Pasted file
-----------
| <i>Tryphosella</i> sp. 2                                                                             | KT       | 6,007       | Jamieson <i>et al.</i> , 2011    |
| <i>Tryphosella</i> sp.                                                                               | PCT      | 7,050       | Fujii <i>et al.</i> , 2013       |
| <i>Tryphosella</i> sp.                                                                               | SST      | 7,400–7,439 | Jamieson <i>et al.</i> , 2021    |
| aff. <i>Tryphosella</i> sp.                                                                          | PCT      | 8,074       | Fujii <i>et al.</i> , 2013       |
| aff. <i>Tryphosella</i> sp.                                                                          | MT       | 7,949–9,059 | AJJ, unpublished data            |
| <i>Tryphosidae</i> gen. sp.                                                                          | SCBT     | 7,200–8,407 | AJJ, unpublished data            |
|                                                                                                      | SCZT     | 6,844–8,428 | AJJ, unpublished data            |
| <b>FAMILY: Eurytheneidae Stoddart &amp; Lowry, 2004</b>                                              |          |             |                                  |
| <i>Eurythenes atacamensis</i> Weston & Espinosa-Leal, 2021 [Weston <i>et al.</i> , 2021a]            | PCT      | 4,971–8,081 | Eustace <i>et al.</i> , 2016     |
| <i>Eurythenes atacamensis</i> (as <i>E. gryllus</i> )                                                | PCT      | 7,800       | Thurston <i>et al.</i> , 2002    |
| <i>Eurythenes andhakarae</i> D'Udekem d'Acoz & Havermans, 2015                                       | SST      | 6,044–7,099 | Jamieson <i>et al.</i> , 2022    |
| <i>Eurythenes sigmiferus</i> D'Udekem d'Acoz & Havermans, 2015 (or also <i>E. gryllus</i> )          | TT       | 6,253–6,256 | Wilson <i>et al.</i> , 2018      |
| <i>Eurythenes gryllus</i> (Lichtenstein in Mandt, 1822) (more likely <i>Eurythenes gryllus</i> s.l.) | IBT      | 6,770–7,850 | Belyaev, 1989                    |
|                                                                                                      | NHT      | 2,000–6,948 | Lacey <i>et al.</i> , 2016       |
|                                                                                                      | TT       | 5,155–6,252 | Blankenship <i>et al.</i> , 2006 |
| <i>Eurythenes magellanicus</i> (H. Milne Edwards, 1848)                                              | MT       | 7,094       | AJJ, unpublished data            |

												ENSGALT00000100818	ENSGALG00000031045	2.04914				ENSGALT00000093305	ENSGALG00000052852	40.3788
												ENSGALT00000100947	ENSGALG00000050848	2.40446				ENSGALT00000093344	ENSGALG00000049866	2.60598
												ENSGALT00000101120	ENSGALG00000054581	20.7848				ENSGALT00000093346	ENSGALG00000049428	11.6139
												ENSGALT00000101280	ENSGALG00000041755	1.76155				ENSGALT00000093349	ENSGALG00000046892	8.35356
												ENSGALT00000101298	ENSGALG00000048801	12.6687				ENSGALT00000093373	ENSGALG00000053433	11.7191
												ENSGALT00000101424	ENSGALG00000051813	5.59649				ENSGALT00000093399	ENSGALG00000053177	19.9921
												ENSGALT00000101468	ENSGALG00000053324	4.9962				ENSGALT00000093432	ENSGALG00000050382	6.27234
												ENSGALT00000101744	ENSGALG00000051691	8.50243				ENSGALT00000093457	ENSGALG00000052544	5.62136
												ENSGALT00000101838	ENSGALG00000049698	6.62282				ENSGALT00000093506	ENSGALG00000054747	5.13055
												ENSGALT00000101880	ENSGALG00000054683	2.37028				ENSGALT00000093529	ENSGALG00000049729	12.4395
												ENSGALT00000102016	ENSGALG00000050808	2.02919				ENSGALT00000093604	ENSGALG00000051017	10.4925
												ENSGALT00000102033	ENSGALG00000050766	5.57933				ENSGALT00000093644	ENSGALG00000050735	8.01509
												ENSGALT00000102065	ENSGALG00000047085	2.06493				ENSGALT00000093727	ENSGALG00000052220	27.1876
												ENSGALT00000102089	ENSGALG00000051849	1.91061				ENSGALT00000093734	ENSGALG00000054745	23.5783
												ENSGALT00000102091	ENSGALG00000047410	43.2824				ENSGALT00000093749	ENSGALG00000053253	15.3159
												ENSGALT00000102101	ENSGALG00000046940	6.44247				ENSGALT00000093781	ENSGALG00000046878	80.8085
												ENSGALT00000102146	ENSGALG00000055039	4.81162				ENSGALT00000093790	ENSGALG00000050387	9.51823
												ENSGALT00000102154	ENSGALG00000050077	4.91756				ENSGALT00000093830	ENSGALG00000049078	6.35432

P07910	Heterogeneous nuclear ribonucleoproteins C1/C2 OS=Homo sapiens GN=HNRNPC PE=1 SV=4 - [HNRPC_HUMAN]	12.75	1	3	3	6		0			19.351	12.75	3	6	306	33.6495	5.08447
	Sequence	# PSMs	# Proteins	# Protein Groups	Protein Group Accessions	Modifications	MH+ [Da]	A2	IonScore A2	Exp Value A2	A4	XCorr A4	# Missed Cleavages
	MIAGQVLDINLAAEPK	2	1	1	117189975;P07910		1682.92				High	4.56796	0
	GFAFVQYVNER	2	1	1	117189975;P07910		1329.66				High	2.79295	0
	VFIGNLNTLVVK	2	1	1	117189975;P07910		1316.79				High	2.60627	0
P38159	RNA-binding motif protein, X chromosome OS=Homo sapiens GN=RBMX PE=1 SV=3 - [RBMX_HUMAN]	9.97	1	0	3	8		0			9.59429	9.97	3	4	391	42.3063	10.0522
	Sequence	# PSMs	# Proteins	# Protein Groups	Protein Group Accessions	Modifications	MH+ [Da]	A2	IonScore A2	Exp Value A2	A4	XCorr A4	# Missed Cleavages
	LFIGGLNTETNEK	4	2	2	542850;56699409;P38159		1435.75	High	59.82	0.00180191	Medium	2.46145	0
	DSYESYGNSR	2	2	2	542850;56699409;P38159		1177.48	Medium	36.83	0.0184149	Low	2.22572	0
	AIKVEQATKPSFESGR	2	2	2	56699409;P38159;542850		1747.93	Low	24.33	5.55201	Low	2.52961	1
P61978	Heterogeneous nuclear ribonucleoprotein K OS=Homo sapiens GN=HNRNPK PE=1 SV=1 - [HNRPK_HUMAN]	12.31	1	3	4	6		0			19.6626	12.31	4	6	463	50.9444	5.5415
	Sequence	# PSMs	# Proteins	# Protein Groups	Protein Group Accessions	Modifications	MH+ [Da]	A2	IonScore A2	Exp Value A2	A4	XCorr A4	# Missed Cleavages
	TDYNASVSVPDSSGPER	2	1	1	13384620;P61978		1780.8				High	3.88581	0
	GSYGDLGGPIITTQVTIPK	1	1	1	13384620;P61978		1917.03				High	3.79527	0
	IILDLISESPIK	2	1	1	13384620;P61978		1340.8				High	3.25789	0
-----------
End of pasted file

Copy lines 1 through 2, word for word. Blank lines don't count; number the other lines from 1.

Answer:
| <i>Tryphosella</i> sp. 2                                                                             | KT       | 6,007       | Jamieson <i>et al.</i> , 2011    |
| <i>Tryphosella</i> sp.                                                                               | PCT      | 7,050       | Fujii <i>et al.</i> , 2013       |